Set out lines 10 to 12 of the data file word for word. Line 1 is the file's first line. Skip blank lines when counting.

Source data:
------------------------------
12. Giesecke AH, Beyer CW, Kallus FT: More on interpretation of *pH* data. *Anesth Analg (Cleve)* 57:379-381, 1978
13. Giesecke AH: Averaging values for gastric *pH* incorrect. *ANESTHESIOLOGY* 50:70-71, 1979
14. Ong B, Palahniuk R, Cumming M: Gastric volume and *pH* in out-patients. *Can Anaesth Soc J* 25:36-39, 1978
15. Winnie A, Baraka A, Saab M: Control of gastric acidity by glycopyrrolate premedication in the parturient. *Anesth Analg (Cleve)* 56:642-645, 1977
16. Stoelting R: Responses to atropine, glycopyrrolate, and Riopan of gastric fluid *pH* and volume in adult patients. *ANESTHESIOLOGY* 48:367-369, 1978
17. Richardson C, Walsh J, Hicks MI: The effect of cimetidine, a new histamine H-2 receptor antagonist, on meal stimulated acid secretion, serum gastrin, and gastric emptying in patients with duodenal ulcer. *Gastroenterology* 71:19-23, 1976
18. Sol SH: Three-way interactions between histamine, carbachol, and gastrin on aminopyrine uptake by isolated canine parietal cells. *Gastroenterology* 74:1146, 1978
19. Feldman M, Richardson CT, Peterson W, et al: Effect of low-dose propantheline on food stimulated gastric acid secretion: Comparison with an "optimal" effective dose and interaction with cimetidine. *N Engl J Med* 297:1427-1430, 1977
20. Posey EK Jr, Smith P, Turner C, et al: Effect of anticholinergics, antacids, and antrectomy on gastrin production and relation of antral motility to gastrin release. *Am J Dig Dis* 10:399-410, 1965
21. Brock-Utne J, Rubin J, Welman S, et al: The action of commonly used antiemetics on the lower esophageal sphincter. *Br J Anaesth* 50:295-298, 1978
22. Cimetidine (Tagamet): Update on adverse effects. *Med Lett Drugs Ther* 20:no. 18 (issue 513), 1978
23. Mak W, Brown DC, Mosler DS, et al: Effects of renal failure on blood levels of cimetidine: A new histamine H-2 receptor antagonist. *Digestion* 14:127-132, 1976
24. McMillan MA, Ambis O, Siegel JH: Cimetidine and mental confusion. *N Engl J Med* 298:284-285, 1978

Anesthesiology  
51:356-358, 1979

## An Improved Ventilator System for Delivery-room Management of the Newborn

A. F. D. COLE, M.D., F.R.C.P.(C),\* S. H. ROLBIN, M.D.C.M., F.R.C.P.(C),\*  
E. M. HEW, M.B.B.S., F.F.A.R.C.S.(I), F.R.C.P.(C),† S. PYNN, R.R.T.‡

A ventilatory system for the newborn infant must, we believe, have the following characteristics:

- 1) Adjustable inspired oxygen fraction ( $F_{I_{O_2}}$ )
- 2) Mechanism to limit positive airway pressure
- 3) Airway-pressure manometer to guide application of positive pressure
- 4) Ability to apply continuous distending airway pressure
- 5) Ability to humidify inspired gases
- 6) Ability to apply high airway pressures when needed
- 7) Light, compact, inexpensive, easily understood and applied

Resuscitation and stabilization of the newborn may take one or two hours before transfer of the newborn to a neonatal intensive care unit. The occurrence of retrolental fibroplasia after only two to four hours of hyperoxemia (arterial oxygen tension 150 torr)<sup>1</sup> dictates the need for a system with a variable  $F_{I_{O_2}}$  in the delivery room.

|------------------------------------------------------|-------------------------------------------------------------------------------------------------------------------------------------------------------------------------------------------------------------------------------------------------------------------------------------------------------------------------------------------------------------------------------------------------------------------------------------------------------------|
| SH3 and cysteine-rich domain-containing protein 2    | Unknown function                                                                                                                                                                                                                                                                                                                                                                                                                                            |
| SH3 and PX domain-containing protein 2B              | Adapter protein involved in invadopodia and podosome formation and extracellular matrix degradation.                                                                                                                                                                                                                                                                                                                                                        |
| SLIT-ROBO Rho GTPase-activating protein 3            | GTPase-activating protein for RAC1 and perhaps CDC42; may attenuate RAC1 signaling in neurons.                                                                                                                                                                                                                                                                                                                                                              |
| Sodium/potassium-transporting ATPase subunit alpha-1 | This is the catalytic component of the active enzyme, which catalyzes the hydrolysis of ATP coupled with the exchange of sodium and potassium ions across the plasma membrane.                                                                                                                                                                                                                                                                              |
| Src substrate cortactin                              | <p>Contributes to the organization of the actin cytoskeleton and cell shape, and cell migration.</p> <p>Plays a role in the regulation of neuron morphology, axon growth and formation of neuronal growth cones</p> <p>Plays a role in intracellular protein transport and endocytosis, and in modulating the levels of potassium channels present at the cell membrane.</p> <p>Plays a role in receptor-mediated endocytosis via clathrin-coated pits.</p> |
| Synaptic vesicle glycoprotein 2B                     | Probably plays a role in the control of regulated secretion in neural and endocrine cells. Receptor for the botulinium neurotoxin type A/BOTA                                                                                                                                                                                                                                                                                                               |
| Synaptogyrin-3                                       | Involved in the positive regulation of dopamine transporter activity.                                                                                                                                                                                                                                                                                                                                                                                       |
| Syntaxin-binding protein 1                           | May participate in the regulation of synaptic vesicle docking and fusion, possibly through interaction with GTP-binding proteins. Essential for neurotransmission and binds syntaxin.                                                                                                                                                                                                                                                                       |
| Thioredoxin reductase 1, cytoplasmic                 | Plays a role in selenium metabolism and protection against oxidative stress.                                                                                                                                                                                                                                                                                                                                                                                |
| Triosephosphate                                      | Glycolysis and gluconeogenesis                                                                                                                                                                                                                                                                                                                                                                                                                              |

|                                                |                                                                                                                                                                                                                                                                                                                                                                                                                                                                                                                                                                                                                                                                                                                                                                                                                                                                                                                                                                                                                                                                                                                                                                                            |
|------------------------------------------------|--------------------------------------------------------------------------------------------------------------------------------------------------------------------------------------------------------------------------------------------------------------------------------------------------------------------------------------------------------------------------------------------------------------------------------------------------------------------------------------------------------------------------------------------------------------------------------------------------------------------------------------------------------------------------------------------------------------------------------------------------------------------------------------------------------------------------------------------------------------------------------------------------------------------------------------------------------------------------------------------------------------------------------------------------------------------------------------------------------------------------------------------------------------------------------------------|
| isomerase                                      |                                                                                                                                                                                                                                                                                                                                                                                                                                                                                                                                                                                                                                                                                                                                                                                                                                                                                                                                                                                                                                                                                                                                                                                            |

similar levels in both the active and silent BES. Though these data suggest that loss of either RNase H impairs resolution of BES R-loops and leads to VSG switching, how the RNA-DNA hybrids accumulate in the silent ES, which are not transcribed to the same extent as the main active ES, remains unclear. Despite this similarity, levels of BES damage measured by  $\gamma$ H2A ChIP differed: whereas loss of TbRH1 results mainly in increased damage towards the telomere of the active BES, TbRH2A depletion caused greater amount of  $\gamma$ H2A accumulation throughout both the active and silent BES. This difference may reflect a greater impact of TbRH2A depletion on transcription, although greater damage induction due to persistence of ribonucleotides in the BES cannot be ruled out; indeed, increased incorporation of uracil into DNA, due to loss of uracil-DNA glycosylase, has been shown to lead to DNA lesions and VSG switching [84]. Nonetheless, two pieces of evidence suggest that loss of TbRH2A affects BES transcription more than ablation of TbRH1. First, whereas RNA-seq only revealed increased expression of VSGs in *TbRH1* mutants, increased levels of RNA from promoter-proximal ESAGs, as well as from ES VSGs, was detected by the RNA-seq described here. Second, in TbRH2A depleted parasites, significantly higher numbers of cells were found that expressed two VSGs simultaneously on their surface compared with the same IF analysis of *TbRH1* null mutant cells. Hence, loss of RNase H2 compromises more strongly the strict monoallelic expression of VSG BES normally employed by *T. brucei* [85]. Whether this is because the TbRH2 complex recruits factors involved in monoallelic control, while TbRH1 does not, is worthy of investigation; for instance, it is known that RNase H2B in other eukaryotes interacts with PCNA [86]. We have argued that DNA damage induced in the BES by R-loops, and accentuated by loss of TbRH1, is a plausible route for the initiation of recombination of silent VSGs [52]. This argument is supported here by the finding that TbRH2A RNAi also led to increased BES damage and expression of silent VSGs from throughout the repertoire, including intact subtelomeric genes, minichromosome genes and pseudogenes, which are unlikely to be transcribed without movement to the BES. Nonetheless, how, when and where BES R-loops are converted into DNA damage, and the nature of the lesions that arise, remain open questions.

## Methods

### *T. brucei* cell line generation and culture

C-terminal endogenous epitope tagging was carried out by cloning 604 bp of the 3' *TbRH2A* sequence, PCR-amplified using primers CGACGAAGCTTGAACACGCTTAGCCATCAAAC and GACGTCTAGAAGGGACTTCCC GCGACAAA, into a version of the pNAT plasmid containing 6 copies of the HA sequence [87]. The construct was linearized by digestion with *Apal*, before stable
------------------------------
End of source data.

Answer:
21. Brock-Utne J, Rubin J, Welman S, et al: The action of commonly used antiemetics on the lower esophageal sphincter. *Br J Anaesth* 50:295-298, 1978
22. Cimetidine (Tagamet): Update on adverse effects. *Med Lett Drugs Ther* 20:no. 18 (issue 513), 1978
23. Mak W, Brown DC, Mosler DS, et al: Effects of renal failure on blood levels of cimetidine: A new histamine H-2 receptor antagonist. *Digestion* 14:127-132, 1976